Children in Foundling Hospitals

An alternative to the workhouses for children were Foundling Hospitals. These were establishments for children who were abandoned or could not be cared for by their parents or relatives.

The first Foundling Hospital was opened in 1741 by Thomas Coram. Coram had noticed the amount of child abandonment and decided to create an establishment for those abandoned children.  The Foundling Hospital has since been turned into a museum and art gallery: The Foundling Museum.

Portrait of Thomas Coram by William Hogath, 1640. Wikimedia Commons.

Admission into the Foundling Hospital

Getting into the Foundling Hospital was difficult. There were so many abandoned children that as soon as the doors would open to allow children in, they would have to be closed because of the substantial amount waiting to get in. This led to a raffle system to use for means of admission. Every mother or person with a child would retrieve a colored ball from a bag. The color of the ball would determine the fate of the child. A white ball would mean that the child would be admitted, a red ball would mean the child would be placed on a waiting list, and a black ball would mean that the child would be rejected completely. However, this system did not last. With more government funding and assistance, the system was dropped and all children under the age of two months were accepted into the hospital. With the rates of children dying in the hospital still high and the money from the government gone, regulations on admittance were put into place again.

A New Beginning

Once the children were admitted into the hospital, they were baptized and given new names. The children were also given numbers that would accompany them and all of their belongings to be carefully noted down in the Hospital’s registry.

An early print of the Foundling Hospital. Wikimedia Commons.

Life in the Foundling Hospital

When first admitted into the Hospital, if under the age of five, the children were sent to be nursed with a family. Here, the children were noted to be the happiest because they were with an actual family and not in an institution.

Around the age of five, the children were sent back to the Hospital. They got their hair cut short and were dressed in simple clothes and an apron. They also received a tag that hung around their neck that had their name engraved on it.

The children had a strict schedule to follow while at the Hospital. Shown below is an example of what their schedule entailed.

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For employments, the girls and boys had different jobs. The girls had work like sewing and other housework. The boys had more physically demanding tasks such as rope making and gardening. Doing this work allowed the Hospital to earn more funding for the institution. It was not just meant to teach the children but also to prepare them for the life they were expected to achieve after leaving the Hospital.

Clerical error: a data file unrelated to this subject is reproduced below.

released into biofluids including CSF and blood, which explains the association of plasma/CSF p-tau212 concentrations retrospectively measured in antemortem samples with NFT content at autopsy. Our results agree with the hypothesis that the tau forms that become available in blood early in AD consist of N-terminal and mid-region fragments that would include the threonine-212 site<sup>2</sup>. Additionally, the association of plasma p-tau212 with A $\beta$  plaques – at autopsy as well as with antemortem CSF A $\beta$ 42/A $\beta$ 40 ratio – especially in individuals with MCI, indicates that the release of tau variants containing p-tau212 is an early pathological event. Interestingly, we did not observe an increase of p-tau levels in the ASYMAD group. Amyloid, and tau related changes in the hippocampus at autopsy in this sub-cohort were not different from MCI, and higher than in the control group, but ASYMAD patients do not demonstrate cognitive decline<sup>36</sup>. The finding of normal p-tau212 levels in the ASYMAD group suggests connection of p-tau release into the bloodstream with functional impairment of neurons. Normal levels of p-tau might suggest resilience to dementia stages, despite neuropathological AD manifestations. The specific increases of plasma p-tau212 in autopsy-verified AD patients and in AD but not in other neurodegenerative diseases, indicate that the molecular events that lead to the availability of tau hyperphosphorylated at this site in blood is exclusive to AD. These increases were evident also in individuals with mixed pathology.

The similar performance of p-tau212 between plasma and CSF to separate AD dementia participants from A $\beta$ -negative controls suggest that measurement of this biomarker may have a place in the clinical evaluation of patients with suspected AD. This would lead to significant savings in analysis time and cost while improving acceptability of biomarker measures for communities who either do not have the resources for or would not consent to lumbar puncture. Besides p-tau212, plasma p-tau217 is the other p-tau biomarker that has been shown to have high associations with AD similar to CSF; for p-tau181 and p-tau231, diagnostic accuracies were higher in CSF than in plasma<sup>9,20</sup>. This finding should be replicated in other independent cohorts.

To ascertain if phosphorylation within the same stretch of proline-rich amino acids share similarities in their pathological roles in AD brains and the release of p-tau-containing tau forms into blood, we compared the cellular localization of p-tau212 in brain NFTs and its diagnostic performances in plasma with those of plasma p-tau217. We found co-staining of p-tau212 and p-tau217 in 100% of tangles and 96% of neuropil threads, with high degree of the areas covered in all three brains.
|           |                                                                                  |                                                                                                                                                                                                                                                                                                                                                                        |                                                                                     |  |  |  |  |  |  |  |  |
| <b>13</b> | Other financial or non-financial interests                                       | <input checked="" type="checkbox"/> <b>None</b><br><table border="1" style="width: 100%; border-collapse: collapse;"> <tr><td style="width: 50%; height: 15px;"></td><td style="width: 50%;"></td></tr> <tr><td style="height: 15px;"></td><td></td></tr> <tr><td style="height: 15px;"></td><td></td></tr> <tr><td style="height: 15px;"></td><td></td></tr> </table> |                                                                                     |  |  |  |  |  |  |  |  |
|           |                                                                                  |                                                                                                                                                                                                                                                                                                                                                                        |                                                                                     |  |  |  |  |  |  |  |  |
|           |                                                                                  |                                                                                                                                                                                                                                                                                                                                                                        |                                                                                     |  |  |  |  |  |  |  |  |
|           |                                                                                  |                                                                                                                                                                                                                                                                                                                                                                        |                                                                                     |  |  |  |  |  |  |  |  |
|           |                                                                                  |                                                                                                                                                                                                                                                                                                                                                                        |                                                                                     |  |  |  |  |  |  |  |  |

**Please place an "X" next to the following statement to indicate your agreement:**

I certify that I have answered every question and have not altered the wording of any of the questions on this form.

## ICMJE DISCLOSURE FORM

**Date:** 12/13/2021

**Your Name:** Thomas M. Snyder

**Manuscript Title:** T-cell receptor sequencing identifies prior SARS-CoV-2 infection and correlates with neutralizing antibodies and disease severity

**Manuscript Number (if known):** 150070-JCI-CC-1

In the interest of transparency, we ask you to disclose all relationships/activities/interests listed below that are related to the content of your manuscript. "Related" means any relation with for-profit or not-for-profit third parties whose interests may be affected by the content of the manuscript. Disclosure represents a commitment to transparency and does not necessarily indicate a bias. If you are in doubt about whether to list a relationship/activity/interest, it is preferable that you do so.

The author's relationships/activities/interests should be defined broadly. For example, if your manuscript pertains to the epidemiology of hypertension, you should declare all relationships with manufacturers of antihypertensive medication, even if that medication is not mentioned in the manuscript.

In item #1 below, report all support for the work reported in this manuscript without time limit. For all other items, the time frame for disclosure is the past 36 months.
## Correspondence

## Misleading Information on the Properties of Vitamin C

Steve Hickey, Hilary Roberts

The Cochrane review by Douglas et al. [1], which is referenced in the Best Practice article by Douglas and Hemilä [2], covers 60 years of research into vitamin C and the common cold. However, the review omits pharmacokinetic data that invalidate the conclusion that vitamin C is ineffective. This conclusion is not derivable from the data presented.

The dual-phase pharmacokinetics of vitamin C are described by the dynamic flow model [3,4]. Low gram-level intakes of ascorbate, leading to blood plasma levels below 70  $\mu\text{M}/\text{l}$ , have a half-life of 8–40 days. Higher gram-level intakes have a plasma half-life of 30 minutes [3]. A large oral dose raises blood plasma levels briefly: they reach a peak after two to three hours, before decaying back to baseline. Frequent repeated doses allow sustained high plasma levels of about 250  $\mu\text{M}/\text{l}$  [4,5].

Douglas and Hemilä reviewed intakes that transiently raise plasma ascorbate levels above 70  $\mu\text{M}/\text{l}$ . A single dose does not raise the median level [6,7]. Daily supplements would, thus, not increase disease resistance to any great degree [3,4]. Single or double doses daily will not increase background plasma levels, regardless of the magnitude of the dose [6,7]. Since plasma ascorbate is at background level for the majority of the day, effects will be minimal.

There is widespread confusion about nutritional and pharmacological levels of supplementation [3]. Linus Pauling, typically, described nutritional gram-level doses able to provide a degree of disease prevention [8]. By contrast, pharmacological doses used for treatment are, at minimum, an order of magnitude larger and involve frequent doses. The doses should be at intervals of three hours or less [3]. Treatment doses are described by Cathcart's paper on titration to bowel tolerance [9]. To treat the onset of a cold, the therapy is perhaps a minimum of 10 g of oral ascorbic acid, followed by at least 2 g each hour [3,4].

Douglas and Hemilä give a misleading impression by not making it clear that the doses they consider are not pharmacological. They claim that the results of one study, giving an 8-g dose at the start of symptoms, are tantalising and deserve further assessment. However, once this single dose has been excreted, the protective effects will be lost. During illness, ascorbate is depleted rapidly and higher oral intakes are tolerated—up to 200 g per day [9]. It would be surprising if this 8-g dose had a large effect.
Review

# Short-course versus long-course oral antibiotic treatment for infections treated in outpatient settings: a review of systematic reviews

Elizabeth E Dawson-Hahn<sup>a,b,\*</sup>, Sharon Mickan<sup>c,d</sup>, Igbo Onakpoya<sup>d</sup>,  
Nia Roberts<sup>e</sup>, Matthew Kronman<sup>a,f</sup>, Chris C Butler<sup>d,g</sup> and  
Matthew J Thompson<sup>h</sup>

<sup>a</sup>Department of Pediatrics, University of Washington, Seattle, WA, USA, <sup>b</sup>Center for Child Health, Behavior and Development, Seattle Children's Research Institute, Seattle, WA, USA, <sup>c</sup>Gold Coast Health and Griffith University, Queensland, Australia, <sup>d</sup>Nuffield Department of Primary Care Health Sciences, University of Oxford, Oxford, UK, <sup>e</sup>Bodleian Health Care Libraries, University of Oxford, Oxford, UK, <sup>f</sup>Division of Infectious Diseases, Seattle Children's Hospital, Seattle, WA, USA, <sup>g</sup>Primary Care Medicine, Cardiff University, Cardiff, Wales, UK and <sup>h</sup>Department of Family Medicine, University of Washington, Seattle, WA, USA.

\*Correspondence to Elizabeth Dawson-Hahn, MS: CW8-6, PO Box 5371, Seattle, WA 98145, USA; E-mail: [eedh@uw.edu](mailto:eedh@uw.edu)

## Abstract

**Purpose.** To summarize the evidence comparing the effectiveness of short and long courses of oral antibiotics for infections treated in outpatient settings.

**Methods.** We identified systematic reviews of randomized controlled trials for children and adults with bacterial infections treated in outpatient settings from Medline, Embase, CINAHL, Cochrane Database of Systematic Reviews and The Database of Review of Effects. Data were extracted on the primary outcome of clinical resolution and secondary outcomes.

Their life was simple with simple meals. There was a uniform worn by all of the children. The boys were placed in the west wing and were taught by the schoolmaster and drillmaster. The girls were placed in the east wing and supervised by the Matron. The Matron was in charge of making them intelligent and obedient. When it came time for visitors to come and potentially adopt the children, the boys were disciminated against compared to the girls. Placed in different observatory rooms, the girls were popular with the visitors and the boys were excluded from these visits in their room.

Leaving the Hospital

Some children brought into the Hospital were given a token of some kind that would allow them to be recognized in case their mother could come back for them. Some mothers, in a few years, would come back for their child. However, since at one time, the mothers were required to pay back the money used for the upbringing of their child, many did not. That fee was soon lifted and more mothers came back for their children. More often, the children would remain in the Hospital’s care until the ages of ten or twelve which soon became fourteen for boys and sixteen for girls. They would then take an apprenticeship with a master outside of the Hospital. Many of the children took an apprenticeship with the families of the nurses who they became close to over the years they had spent at the Hospital.

The menu for Foundling Hospitals compared to the menu for Workhouses had some clear differences.

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The above image is an example of the menu for a Foundling Hospital. The children were given meat on a daily basis with the exception of one day. The portions were a decent size for children. They were allowed milk and sugar and potatoes.

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The above images are examples of six different menus that were served in the workhouses. There was a lack of meat for the majority of the days. A large portion of their diets consisted of gruel, bread, and cheese.

The diets shown from the Foundling Hospitals were far more pleasant and nutritious in value than that of the diets in the workhouses. Along with the work conditions, Foundling Hospitals seemed like a better alternative than workhouses. For more on the diets in workhouses, see here.


Banerjee, Jacqueline. Captain Coram and the Foundling Hospital.

Banerjee, Jacqueline. Admission Procedures at the London Foundling Hospital.

Banerjee, Jacqueline. Life in the Foundling Hospital.